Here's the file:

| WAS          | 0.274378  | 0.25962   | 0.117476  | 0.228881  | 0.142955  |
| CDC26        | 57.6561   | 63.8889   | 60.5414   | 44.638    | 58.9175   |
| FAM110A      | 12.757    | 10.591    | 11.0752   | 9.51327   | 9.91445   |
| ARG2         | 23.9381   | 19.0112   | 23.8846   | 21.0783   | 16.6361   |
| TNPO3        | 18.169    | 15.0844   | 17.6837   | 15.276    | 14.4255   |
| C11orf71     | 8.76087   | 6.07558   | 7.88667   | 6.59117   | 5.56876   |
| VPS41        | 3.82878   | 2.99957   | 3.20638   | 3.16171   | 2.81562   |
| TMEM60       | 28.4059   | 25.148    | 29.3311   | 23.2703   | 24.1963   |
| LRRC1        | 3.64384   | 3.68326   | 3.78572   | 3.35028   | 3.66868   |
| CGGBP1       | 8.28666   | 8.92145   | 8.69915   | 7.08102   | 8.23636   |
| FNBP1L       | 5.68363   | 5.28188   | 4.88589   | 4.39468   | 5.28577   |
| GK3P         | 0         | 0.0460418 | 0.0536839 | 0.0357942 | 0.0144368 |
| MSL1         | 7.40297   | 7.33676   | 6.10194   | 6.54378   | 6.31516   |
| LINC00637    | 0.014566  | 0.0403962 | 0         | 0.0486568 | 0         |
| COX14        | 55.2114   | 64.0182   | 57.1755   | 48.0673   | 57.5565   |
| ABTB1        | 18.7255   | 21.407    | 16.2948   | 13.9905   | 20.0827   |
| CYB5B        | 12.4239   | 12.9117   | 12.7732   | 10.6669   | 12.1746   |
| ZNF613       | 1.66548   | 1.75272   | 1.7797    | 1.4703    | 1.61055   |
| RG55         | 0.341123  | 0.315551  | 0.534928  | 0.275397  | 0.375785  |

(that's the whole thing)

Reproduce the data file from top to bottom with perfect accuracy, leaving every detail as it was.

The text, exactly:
| WAS          | 0.274378  | 0.25962   | 0.117476  | 0.228881  | 0.142955  |
| CDC26        | 57.6561   | 63.8889   | 60.5414   | 44.638    | 58.9175   |
| FAM110A      | 12.757    | 10.591    | 11.0752   | 9.51327   | 9.91445   |
| ARG2         | 23.9381   | 19.0112   | 23.8846   | 21.0783   | 16.6361   |
| TNPO3        | 18.169    | 15.0844   | 17.6837   | 15.276    | 14.4255   |
| C11orf71     | 8.76087   | 6.07558   | 7.88667   | 6.59117   | 5.56876   |
| VPS41        | 3.82878   | 2.99957   | 3.20638   | 3.16171   | 2.81562   |
| TMEM60       | 28.4059   | 25.148    | 29.3311   | 23.2703   | 24.1963   |
| LRRC1        | 3.64384   | 3.68326   | 3.78572   | 3.35028   | 3.66868   |
| CGGBP1       | 8.28666   | 8.92145   | 8.69915   | 7.08102   | 8.23636   |
| FNBP1L       | 5.68363   | 5.28188   | 4.88589   | 4.39468   | 5.28577   |
| GK3P         | 0         | 0.0460418 | 0.0536839 | 0.0357942 | 0.0144368 |
| MSL1         | 7.40297   | 7.33676   | 6.10194   | 6.54378   | 6.31516   |
| LINC00637    | 0.014566  | 0.0403962 | 0         | 0.0486568 | 0         |
| COX14        | 55.2114   | 64.0182   | 57.1755   | 48.0673   | 57.5565   |
| ABTB1        | 18.7255   | 21.407    | 16.2948   | 13.9905   | 20.0827   |
| CYB5B        | 12.4239   | 12.9117   | 12.7732   | 10.6669   | 12.1746   |
| ZNF613       | 1.66548   | 1.75272   | 1.7797    | 1.4703    | 1.61055   |
| RG55         | 0.341123  | 0.315551  | 0.534928  | 0.275397  | 0.375785  |